Tired and Hungry After Eating: Diabetes Questions & Answers

Text Size:
Tired and Hungry After Eating: Diabetes Questions & Answers

Q: I have had diabetes for about six years. I want to know why I’m starving and so tired 10 or 15 minutes after I eat. I feel like I’m hungry all the time! Six months ago, this wasn’t a problem. I try to eat healthy, but the hunger pangs are miserable. My doctor says my A1C is good and has no explanation for the fatigue and hunger. Can you help me?

A: That has to be frustrating for you, but there may be an explanation and a solution. The fatigue you feel soon after eating could be caused by postprandial hyperglycemia, or a “spike” in blood sugar soon after eating. It is common for the blood sugar to rise modestly after meals and then return back toward normal within an hour or two. But if it climbs very high, even if it eventually returns to normal, it can leave you feeling a bit washed out. Checking your blood sugar with a fingerstick 30–60 minutes after eating will tell you if this is happening, as will a continuous glucose monitor.

Readings above 180–200 mg/dl after eating can cause the type of symptoms you describe. This can be fixed by choosing slowly-digesting foods such as fresh vegetables, whole fruit, legumes, and dairy products. If you take insulin at mealtimes, taking it earlier can help, as can engaging in some light-to-moderate physical activity soon after eating.

Interestingly, the post-meal hunger you’re experiencing also can be caused by blood sugar spikes. However, it also could be due to a lack of a hormone called “amylin.” This hormone normally is produced along with insulin at mealtimes, but it is produced in insufficient amounts in many people with diabetes. Amylin helps curb hunger and slows digestion so that you feel fuller after eating. It also blocks the production of glucagon by the pancreas, which helps lower post-meal blood sugars. Several medications — including pramlintide, GLP-1s, and DPP-4 inhibitors — can replace or mimic amylin, so ask your doctor if one of these might work for you.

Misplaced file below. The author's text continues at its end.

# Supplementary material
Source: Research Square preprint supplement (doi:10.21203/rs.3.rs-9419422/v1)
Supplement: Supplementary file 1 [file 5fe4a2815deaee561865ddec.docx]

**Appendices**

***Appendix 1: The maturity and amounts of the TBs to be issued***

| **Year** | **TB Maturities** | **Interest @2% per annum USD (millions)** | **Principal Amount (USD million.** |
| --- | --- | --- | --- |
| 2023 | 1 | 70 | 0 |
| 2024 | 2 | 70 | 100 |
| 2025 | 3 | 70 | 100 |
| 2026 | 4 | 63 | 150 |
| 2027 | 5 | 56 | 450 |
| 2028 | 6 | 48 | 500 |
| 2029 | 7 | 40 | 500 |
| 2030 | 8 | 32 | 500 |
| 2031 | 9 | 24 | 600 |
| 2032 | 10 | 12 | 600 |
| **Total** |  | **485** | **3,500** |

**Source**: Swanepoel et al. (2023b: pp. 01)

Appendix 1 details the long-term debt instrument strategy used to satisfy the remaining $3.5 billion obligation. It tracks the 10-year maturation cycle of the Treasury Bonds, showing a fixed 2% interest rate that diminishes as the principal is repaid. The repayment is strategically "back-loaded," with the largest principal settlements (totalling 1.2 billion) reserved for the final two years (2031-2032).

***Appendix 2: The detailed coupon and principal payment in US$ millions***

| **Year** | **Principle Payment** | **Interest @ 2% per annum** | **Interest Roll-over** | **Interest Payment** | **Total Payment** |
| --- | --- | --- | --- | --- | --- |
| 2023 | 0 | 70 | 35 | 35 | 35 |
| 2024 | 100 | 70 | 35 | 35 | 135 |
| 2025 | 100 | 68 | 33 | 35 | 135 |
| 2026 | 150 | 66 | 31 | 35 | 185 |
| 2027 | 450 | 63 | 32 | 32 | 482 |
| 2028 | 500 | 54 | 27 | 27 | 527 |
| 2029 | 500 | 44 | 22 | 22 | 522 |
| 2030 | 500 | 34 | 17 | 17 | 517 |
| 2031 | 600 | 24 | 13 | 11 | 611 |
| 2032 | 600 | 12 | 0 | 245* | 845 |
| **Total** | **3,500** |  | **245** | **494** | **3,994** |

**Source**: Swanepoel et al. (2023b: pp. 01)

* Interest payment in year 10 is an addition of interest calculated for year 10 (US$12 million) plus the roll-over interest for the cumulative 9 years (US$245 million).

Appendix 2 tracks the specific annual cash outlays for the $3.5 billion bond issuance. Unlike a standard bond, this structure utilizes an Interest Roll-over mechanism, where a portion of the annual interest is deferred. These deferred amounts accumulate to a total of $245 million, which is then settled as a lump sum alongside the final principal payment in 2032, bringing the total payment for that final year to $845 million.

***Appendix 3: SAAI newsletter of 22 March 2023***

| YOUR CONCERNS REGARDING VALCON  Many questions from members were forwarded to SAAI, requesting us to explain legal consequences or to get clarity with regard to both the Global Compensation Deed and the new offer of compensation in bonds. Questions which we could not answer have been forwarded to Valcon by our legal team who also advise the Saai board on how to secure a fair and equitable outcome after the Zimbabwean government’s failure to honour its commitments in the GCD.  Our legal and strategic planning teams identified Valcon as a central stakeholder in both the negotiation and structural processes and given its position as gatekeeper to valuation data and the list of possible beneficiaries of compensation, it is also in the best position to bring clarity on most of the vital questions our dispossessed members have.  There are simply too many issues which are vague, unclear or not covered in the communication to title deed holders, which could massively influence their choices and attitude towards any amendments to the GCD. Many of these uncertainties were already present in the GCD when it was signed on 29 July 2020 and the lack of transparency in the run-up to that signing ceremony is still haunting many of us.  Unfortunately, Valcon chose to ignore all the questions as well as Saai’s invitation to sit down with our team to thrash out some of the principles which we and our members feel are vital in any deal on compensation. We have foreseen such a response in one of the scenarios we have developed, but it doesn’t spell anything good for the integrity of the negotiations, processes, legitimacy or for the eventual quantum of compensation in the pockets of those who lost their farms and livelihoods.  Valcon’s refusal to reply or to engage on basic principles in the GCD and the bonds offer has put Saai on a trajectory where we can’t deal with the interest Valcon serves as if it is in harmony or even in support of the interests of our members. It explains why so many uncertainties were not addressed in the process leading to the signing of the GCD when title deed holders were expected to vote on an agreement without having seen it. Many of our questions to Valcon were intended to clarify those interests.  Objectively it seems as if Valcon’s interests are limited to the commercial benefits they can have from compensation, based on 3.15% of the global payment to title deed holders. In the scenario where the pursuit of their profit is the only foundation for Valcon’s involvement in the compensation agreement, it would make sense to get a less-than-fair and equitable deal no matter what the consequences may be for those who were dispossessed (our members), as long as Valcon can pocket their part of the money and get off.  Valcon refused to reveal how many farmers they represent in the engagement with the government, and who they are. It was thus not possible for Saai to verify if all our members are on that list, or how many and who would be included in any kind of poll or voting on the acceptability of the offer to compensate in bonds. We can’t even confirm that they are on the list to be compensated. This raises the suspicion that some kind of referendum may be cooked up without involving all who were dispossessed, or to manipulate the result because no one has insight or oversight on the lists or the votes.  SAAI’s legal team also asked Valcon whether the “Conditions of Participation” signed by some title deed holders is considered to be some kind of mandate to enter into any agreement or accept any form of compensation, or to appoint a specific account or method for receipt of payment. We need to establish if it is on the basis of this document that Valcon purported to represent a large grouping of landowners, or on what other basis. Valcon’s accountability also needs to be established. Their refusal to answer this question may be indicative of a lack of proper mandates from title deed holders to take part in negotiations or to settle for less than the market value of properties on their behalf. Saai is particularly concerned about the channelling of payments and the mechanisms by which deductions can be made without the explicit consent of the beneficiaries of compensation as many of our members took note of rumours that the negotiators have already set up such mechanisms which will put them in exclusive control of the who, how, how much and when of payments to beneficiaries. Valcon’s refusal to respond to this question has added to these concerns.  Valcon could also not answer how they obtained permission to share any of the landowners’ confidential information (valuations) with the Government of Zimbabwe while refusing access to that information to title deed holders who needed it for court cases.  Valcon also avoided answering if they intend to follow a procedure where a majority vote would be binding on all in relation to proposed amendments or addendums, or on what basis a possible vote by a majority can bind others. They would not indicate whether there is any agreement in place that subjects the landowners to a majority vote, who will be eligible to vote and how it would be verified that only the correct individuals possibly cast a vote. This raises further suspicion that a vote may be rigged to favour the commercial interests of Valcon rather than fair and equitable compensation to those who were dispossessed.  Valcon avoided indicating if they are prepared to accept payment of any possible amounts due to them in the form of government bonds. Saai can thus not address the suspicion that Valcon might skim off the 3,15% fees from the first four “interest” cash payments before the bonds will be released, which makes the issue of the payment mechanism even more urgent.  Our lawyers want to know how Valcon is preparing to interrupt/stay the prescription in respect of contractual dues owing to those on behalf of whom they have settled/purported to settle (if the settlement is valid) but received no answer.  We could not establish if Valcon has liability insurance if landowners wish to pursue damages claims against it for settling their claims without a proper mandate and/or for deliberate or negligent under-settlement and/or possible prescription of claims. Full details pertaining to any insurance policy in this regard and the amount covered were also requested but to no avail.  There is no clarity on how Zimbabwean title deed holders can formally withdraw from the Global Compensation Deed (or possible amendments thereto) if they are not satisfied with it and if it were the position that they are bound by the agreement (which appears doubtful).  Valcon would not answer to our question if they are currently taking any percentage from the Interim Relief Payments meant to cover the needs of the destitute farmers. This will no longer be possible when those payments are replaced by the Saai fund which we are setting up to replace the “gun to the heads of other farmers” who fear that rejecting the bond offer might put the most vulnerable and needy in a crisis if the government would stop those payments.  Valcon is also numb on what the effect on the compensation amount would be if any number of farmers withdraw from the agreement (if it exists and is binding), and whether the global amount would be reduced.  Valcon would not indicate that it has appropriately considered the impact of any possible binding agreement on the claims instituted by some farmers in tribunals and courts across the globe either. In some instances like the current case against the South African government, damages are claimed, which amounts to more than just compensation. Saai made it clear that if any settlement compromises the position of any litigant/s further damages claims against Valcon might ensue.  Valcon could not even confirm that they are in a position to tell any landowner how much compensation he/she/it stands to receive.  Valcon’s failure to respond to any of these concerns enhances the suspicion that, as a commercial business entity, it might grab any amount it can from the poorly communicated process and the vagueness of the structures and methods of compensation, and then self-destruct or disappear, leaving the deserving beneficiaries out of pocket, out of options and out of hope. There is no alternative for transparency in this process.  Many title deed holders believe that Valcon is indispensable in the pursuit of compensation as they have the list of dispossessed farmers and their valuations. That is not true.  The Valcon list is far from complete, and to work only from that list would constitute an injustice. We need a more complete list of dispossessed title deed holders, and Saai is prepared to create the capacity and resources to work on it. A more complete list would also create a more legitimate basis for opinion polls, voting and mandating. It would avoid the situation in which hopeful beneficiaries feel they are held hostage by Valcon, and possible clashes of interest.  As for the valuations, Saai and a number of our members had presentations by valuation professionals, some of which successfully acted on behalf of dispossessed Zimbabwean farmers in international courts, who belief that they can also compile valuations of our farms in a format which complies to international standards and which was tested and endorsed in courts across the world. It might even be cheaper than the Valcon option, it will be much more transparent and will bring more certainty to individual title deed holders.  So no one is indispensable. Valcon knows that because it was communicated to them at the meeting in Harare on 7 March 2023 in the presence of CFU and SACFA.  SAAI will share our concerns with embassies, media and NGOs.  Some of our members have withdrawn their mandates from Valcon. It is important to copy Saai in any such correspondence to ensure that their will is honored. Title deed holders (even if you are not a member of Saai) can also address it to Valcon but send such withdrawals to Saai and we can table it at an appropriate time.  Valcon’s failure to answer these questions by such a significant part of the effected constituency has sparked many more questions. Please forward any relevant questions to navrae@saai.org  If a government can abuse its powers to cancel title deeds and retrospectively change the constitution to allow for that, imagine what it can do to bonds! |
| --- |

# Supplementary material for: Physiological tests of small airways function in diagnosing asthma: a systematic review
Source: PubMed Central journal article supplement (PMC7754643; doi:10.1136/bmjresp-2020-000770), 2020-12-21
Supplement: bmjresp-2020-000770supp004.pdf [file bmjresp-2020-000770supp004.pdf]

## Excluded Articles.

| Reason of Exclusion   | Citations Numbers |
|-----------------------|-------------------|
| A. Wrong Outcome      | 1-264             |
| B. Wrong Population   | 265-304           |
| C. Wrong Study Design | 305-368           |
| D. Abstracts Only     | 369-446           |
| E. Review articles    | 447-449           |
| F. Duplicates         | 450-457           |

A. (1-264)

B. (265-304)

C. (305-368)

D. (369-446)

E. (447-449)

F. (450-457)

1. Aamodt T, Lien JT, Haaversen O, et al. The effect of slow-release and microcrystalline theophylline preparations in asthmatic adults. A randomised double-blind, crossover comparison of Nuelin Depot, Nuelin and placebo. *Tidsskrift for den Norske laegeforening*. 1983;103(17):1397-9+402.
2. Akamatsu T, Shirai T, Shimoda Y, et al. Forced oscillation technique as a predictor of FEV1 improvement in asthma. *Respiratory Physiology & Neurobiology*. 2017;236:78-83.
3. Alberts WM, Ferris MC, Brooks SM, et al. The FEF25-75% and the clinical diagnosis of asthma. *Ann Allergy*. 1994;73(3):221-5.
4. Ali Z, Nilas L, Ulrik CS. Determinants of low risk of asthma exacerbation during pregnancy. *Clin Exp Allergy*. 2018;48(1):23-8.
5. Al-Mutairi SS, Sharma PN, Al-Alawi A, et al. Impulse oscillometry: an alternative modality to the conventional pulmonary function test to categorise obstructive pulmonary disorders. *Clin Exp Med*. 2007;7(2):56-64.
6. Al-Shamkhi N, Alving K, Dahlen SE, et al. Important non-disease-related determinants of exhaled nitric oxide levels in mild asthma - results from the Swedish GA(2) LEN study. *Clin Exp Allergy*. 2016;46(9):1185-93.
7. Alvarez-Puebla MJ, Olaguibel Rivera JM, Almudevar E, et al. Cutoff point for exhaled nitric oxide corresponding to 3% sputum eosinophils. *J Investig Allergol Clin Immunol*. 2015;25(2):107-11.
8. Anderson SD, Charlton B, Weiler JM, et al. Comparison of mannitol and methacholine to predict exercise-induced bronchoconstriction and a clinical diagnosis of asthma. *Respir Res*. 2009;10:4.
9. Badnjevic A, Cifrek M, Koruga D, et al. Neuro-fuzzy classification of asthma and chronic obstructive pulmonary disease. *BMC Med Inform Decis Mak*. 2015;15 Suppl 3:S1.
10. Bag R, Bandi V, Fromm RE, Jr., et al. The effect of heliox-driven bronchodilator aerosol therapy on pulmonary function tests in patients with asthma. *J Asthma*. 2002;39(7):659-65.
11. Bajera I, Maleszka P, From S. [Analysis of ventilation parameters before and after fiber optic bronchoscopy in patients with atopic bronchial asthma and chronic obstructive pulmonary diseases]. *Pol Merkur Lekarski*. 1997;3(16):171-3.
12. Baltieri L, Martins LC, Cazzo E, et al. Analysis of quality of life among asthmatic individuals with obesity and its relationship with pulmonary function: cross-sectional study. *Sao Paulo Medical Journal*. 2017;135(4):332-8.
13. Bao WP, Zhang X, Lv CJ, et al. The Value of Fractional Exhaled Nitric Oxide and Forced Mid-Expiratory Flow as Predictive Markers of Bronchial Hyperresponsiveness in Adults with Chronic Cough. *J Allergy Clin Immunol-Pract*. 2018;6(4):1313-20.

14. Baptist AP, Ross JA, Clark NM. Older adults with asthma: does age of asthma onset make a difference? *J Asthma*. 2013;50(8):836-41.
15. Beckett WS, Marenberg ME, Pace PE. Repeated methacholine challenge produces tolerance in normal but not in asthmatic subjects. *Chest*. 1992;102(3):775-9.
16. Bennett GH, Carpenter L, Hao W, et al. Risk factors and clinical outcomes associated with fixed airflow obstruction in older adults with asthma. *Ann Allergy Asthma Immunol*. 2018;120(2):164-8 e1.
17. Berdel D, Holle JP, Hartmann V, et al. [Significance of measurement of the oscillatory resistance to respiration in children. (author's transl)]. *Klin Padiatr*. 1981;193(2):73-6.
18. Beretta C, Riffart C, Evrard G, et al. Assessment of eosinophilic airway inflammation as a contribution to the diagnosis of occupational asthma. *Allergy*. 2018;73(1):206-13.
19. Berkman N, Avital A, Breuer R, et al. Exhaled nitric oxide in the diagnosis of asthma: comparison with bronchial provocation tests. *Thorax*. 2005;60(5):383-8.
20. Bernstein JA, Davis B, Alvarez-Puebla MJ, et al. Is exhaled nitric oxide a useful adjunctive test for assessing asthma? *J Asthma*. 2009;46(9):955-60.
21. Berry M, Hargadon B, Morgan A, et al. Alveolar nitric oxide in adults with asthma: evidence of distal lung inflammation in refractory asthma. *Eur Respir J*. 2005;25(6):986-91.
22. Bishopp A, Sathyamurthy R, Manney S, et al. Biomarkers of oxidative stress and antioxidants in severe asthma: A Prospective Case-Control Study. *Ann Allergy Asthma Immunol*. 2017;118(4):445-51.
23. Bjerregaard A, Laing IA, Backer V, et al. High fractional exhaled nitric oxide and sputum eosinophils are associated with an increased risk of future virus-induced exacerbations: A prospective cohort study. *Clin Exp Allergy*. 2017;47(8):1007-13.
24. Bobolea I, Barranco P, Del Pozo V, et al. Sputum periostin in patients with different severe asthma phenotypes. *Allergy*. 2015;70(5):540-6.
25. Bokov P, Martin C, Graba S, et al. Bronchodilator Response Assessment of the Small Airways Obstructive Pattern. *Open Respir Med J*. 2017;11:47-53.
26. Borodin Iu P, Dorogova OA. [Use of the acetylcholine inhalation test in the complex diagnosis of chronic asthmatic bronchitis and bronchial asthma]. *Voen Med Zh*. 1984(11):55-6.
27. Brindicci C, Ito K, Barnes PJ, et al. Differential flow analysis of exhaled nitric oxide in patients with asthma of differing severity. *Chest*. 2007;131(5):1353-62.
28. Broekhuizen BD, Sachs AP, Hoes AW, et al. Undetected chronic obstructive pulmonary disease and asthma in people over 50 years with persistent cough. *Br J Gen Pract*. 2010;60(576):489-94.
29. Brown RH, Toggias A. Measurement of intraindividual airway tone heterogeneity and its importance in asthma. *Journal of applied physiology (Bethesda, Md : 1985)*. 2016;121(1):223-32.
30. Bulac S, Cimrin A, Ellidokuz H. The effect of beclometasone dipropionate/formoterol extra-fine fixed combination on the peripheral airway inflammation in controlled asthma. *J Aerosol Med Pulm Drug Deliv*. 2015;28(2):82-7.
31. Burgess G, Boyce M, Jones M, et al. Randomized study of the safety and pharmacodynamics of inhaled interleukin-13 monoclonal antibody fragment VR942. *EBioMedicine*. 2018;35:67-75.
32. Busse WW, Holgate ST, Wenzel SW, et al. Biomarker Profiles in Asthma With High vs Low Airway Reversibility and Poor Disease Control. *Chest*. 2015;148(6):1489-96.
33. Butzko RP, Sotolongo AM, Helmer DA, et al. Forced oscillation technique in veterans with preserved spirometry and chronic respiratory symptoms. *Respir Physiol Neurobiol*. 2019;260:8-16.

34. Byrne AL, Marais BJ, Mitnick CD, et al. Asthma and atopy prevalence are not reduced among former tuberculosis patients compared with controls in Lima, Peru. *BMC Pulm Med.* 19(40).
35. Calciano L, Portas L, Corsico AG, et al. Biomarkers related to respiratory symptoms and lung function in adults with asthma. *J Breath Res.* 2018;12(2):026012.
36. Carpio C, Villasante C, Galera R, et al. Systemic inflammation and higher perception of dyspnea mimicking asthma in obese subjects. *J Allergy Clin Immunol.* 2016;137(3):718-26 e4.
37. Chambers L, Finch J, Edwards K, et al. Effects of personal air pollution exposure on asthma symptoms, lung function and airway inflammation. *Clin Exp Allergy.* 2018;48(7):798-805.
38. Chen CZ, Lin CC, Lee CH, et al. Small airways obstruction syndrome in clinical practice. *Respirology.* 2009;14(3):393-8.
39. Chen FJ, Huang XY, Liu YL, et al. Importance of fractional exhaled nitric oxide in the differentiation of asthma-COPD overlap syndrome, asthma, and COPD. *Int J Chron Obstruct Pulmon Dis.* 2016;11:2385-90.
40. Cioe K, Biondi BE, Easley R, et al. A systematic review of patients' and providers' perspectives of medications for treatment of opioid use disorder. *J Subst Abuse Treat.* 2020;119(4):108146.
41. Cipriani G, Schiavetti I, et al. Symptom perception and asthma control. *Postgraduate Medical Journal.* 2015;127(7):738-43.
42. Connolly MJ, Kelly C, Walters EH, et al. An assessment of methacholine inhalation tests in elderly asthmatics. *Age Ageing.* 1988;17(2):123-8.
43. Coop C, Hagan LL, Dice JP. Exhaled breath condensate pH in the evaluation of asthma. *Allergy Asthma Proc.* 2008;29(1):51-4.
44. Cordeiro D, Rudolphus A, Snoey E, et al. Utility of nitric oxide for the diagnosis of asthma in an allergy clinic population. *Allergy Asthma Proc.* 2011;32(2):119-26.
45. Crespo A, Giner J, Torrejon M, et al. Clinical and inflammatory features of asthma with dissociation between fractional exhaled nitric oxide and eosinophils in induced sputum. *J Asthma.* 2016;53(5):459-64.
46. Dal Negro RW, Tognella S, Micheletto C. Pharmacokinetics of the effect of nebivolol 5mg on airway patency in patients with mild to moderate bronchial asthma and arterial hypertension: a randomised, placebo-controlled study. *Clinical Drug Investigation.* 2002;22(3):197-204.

Another tactic you might consider is consuming more fiber in your meals. Fiber not only slows down digestion (which prevents the after-meal blood sugar spikes), but also creates a sense of fullness. A registered dietitian can work with you to build more fiber into your daily meal plan.

Have a question about diabetes? Send it to Gary Scheiner MS, CDE, at

Want to learn more about preventing after-meal hyperglycemia? Read “Strike the Spike II.”

Get Diabetes-Friendly Recipes In Your Inbox

Sign up for Free

Stay Up To Date On News & Advice For Diabetes

Sign up for Free

Get On Track With Daily Lifestyle Tips

Sign up for Free

Save Your Favorites

Save This Article